But don't think Microsoft. If there's been a constant presence in the background of my career in and around IT it's been Microsoft. The Microsoft who used to own the Desktop in every house and every company. The Microsoft who dominated the productivity - Office - software market. The Microsoft who could set pretty much whatever price they wanted for what they did because no-one else could credibly challenge it. Comfortable, turgid old Microsoft who were caught napping when Apple stole the music market. And then the tablet market that Microsoft had failed to get right. The Smartphone market that MS had a real headstart on... but fell asleep over at just the wrong moment. Microsoft who watched Google develop services in the cloud - GMail, Google Docs, Picasa, Search... and made miserable copycat attempts at the same, too little, too late. Microsoft who have been running to catch up with the whole cloud thing for the last 5 years, whilst Amazon, Dropbox, Box, Google leached our data into the sky and began to persuade the companies that we work for that the whole data - and services and infrastructure - in the sky thing might be a bit of a corporate imperative. Microsoft who looked on aghast as the world decided that the desktop computer wasn't the be-all and end-all of existence, the mobile device was the new Pope and blooming heck we have nothing to offer in that market unless we embark on a big and expensive catch-up exercise which everyone will sneer at because we are already history. Sad old Microsoft who cling onto their office apps, attempt to challenge the Unified Comms market (with increasing success, to be fair - Cisco and Avaya are running scared), fret about the absence of a social and collaborative offering in an 'I wish I had more friends' way and look less visionary than me, sitting in my kitchen, banging out musings on this crappy Dell laptop. Poor old Microsoft, led by their resident crazed loony. Microsoft, once kings of all they surveyed, now best recognised in the average household as the maker of a fine videogames console. They're dead in the water.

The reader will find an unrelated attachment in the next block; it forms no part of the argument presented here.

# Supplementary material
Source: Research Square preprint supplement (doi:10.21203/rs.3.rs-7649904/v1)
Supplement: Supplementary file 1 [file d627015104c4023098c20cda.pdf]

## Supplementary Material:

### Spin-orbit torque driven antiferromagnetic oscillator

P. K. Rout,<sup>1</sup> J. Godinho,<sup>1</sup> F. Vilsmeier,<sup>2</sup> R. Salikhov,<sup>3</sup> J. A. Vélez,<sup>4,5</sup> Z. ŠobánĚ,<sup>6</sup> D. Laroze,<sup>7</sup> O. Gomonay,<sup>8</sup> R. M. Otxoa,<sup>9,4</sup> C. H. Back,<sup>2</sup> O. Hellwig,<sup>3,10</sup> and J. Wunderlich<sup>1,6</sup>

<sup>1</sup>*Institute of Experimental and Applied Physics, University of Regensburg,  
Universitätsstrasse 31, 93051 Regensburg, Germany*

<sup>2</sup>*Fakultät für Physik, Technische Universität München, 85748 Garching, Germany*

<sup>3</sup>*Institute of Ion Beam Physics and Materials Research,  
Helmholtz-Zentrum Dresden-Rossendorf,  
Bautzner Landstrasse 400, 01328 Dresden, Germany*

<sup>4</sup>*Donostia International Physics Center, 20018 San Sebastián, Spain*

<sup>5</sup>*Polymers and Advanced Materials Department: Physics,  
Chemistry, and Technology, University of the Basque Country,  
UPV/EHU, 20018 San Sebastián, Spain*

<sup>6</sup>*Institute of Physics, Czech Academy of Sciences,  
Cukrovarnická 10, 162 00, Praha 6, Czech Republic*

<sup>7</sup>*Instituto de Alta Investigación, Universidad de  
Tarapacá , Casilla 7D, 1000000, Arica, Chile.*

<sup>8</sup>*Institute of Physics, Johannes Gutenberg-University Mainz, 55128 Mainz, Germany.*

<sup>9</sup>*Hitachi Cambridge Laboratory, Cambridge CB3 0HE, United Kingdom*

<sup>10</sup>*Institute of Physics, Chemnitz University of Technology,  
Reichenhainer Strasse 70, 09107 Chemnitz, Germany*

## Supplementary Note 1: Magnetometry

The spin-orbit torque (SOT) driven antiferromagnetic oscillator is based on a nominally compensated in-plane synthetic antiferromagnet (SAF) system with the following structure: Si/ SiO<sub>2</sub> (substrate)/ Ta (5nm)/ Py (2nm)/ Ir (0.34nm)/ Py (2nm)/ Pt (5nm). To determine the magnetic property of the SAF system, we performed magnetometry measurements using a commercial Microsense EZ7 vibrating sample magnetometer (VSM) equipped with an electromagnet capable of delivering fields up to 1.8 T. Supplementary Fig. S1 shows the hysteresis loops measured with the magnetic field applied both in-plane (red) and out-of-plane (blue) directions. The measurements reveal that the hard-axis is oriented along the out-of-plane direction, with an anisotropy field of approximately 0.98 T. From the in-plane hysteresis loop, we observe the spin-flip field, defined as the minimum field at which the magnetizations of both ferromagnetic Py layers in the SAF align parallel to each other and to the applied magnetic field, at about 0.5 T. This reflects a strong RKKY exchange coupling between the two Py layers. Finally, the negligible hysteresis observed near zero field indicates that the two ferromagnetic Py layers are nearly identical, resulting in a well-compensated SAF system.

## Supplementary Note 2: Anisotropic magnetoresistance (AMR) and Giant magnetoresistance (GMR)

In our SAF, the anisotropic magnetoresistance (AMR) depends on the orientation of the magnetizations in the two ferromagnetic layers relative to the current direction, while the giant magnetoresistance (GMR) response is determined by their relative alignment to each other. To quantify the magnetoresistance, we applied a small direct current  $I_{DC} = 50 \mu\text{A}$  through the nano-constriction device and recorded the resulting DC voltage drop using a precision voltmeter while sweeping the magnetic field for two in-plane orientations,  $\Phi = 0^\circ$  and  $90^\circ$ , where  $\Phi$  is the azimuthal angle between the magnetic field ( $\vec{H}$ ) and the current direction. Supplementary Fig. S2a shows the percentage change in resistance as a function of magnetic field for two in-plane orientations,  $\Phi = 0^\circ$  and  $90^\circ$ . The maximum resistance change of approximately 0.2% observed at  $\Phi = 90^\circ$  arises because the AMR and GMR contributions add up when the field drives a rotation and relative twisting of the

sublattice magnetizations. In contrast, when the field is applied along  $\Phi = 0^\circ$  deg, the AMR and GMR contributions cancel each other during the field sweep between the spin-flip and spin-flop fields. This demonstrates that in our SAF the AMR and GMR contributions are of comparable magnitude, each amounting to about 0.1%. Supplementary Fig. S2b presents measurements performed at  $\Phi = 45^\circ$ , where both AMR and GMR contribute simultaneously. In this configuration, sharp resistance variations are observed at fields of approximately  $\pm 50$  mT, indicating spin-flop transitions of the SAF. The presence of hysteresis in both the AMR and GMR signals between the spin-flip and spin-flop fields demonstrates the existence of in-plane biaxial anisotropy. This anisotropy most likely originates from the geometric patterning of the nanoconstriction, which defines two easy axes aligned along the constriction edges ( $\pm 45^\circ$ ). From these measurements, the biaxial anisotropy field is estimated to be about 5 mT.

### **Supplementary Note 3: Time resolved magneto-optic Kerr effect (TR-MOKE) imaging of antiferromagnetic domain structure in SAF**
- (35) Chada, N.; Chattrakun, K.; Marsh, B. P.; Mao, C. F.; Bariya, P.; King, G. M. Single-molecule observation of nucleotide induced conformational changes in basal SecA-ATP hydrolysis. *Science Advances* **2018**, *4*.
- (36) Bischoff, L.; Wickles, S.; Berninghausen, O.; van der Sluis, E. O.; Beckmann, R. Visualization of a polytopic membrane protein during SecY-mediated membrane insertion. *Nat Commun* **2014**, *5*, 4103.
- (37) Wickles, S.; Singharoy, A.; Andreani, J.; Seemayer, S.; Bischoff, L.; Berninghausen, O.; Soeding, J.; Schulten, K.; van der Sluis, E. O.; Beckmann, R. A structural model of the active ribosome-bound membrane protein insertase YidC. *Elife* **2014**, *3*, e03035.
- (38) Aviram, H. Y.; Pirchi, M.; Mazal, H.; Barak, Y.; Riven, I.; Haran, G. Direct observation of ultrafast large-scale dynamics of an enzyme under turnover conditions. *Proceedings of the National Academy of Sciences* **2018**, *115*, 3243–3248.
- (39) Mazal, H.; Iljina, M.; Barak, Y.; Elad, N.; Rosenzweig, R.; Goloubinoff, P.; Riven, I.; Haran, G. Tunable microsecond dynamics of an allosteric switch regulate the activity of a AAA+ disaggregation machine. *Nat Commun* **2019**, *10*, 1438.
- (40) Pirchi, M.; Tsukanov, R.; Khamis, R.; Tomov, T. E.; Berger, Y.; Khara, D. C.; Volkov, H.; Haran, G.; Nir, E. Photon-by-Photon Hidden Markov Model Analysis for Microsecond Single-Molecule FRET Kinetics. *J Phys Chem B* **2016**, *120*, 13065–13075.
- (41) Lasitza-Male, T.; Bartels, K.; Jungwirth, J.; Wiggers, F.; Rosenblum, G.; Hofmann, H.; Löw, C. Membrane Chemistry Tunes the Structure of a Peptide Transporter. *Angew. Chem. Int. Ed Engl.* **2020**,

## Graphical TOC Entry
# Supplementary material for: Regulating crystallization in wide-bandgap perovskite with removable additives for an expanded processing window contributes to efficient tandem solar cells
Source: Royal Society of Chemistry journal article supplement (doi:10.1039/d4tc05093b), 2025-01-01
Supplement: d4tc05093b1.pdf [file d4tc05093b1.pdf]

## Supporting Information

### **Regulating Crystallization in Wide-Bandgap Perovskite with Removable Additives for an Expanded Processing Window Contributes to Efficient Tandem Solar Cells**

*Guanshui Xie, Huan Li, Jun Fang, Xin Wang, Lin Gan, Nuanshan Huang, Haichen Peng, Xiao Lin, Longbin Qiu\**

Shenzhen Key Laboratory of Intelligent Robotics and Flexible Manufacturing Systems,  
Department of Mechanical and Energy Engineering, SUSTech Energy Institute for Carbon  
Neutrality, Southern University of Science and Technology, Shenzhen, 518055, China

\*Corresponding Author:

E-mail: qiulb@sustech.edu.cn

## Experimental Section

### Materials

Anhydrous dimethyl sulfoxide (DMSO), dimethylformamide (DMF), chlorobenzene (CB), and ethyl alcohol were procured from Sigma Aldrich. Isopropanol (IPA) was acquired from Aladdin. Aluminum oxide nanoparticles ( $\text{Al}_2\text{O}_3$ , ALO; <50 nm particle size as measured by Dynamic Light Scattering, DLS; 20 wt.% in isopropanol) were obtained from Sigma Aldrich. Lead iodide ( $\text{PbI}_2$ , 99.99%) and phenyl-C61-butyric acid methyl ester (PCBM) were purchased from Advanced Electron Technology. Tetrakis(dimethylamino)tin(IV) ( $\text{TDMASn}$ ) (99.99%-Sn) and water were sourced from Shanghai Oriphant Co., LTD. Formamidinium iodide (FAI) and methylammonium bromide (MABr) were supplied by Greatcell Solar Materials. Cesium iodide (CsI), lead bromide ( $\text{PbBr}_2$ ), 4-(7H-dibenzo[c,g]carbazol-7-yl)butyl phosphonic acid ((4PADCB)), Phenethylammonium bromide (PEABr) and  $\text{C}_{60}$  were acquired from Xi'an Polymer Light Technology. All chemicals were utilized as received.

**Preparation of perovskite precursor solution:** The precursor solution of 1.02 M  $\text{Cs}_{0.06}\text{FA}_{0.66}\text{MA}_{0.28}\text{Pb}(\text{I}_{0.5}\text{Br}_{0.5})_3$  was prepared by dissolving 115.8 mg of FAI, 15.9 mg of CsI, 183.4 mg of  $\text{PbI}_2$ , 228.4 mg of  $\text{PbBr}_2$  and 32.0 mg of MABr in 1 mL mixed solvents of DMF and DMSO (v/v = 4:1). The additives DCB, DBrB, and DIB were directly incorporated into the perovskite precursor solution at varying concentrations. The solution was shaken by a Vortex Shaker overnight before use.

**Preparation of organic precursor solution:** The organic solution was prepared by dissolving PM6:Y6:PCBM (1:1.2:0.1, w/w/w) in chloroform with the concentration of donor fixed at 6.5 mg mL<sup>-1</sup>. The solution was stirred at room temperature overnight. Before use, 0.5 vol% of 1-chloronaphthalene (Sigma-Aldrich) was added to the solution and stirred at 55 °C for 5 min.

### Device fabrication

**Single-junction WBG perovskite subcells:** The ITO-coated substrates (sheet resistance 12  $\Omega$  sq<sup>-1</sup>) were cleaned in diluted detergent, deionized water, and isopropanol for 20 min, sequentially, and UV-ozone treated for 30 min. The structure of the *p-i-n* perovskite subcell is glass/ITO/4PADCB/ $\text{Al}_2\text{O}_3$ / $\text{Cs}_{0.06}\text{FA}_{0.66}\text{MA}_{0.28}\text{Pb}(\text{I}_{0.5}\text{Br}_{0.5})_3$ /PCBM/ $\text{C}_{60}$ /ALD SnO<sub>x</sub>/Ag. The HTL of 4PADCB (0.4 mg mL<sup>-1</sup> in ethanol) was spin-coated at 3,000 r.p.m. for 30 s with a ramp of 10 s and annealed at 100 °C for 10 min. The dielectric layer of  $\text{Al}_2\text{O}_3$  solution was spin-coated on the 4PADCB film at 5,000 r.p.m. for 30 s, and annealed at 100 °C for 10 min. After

Except... I think they may not be. Because, the thing is... 99% of people who read this won't have a clue about what I'm talking about. The incremental leaps and occasional bound in the sectors that Gartner like to call The Nexus of Forces are of no interest to most people. They want computing in their houses that makes life easy. They want it on all the devices they carry about, want it secure and safe and backed up and functional. Above all, they don't want to have to think about it. They certainly don't need to follow the incremental developments in cloud storage and cloud applications and voice and video and blah blah blah. The minutiae of technology are for eggheads and gadget pervs. People like me. (Obviously, mostly the former).
So, what has Microsoft done? They've caught up with a very big chunk of all this, all at once. A tablet device that runs a desktop OS as well as a tablet OS (Jury out on that until the hardware is proven, but it's very appealing). A desktop OS that can do touch as well - and I like it enough to have installed it across my house, for no better reason than that it works a bit better than the last one as a desktop OS and seemed a natural thing to do if I wanted to really get to grips with what was coming next. But... critically... a new version of their Office suite that rethinks the offering completely. Everyone will know the old Office apps - because everyone uses them at work - that cost a fortune if you actually dared to consider having them at home, legally. No more.
You can go try out the new office for free, for a month. It's absolutely worth a look.